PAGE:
Researchers have developed a new simple blood test that can tell the time in your body—which might be very different from the time showing on the clock on the wall.
Previously, measurements this precise could only be achieved through a costly and laborious process of taking samples every hour over a span of multiple hours. The new test, called TimeSignature, requires only two blood draws.
“This is a much more precise and sophisticated measurement than identifying whether you are a morning lark or a night owl,” says lead author Rosemary Braun, assistant professor of preventive medicine (biostatistics) at the Northwestern University Feinberg School of Medicine. “We can assess a person’s biological clock to within 1.5 hours.
“Various groups have tried to get at internal circadian time from a blood test, but nothing has been as accurate or as easy to use as TimeSignature,” Braun says.
In sync, out of sync
Processes in nearly every tissue and organ system in the body are orchestrated by an internal biological clock, which directs circadian rhythm, such as the sleep-wake cycle. Some individuals’ internal clocks are in sync with external time but others are out of sync and considered misaligned.
As reported in the Proceedings of the National Academy of Sciences, the new test will for the first time offer researchers the opportunity to easily examine the impact of misaligned circadian clocks in a range of diseases, including heart disease, diabetes, and Alzheimer’s disease.
When the blood test becomes clinically available, it also will provide doctors with a measurement of an individual’s internal biological clock to guide medication dosing at the most effective time for his or her body.
The software and algorithm are available for free to other researchers so they can assess physiological time in a person’s body. Northwestern has filed for a patent on the blood test.
“This is really an integral part of personalized medicine. So many drugs have optimal times for dosing.”
“This is really an integral part of personalized medicine,” says coauthor Phyllis Zee, chief of sleep medicine in neurology and a professor of neurology. “So many drugs have optimal times for dosing.
“Knowing what time it is in your body is critical to getting the most effective benefits. The best time for you to take the blood pressure drug or the chemotherapy or radiation may be different from somebody else,” Zee says.
The test measures 40 different gene expression markers in the blood and can be taken any time of day, regardless of whether the patient had a good night’s sleep or was up all night. It’s based on an algorithm Braun and colleagues developed by drawing subjects’ blood every two hours and examining which genes were higher or lower at certain times of day. Scientists also used gene expression data from studies conducted at four other centers.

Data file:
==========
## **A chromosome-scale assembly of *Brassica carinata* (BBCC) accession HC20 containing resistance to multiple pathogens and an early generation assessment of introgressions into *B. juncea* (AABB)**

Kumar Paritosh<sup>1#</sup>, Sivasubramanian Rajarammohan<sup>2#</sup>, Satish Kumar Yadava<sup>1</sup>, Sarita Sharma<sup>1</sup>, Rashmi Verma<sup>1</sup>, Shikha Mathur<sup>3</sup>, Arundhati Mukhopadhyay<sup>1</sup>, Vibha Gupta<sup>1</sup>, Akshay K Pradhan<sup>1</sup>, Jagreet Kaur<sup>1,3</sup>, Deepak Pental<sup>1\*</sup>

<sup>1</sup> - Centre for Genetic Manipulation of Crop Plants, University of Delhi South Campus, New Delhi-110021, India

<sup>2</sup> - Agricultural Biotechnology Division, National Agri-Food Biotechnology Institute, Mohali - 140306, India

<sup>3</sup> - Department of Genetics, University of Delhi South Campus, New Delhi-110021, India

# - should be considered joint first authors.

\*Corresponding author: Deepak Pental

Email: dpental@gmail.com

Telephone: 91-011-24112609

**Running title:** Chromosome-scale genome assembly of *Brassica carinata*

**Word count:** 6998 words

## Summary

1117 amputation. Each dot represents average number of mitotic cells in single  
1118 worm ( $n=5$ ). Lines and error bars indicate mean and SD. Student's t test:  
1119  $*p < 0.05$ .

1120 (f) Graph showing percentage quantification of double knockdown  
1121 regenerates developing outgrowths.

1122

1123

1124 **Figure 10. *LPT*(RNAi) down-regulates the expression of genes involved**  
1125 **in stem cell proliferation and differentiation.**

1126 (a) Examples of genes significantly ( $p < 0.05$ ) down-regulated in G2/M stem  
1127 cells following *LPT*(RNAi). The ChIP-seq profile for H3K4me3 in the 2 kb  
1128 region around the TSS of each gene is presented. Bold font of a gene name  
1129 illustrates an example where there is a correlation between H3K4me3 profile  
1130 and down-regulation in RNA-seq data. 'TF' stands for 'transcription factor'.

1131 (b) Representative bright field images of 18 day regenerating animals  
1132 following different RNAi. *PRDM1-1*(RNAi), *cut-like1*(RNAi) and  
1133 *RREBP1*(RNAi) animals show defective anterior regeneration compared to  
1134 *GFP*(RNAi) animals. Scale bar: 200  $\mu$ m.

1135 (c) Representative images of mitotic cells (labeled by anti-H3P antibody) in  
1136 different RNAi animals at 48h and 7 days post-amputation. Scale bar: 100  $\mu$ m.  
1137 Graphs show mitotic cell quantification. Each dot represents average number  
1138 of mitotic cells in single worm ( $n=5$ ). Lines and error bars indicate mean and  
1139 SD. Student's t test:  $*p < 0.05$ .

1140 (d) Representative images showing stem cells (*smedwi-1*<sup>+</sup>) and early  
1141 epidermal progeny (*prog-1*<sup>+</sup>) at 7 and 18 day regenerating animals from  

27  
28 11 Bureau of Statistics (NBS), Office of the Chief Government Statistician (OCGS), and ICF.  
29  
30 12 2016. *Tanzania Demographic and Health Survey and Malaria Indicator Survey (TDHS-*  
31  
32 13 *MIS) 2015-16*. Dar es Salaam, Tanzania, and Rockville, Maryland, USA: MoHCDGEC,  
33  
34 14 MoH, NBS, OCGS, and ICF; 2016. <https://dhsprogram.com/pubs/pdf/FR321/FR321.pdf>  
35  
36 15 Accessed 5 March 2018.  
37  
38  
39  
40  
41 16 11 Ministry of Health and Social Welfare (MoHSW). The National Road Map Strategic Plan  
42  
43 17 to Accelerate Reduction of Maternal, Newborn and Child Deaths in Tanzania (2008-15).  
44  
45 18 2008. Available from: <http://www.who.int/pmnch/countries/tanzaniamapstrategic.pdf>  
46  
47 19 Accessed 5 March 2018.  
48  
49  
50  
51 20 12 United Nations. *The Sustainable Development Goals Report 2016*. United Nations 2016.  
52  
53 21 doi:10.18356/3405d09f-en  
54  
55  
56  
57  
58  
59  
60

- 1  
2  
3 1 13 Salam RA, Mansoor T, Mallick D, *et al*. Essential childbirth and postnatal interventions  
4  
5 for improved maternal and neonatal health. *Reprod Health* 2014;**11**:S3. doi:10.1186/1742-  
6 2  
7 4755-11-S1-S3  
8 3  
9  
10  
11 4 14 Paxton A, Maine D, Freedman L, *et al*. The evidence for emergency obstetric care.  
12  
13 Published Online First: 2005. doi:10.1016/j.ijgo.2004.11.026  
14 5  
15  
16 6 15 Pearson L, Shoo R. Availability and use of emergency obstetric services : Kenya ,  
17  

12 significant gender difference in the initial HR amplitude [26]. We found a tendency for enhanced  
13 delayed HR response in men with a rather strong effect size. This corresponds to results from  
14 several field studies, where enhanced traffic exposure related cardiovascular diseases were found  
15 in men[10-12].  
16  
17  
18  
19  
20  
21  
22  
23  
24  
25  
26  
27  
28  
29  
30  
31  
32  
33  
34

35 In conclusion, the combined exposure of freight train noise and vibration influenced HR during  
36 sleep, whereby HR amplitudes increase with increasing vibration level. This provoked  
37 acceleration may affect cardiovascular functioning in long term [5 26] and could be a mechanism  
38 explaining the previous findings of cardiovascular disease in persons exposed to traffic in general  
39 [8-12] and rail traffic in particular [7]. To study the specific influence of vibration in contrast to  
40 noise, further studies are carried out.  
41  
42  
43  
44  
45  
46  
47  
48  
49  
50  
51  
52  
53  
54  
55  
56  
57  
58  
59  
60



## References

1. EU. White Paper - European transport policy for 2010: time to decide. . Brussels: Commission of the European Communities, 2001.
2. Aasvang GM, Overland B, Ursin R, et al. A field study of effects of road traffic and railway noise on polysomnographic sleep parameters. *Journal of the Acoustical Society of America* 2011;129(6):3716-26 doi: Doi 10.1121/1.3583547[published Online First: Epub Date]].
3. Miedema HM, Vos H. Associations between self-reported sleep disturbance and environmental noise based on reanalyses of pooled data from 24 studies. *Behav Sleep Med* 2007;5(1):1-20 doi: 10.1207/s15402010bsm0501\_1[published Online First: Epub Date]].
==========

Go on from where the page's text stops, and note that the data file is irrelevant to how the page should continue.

‘Timing is everything’
The scientists then developed a machine-learning method that they used to train a computer to predict the time of day based on patterns in these gene expression measurements. Out of about 20,000 genes researchers measured, these 40 emerged with the strongest signal.
“Timing is everything,” says coauthor Ravi Allada, a professor of neurobiology. “We know if you have disruption of your internal clock, it can predispose you to a range of diseases. Virtually every tissue and organ system are governed by circadian rhythm.
“Before we didn’t have a clinically feasible way of assessing the clock in healthy people and people with disease. Now we can see if a disrupted clock correlates with various diseases and, more importantly, if it can predict who is going to get sick.”
Preclinical research by scientist Joe Bass, chief of endocrinology, metabolism, and molecular medicine previously identified a link between circadian misalignment and diabetes, obesity, depression, heart disease, and asthma.
Down the road, Zee envisions improving health and treating disease by aligning people’s circadian clocks that are out of sync with external time.
“Circadian timing is a modifiable risk factor for improving cognitive health, but if we can’t measure it, it’s difficult to know if we’ve made the right diagnosis,” Zee says. “Now we can measure it just like a lipid level.”
The James S. McDonnell Foundation, the Defense Advanced Research Projects Agency, and the Northwestern Center for Circadian and Sleep Medicine funded the work.
Source: Northwestern University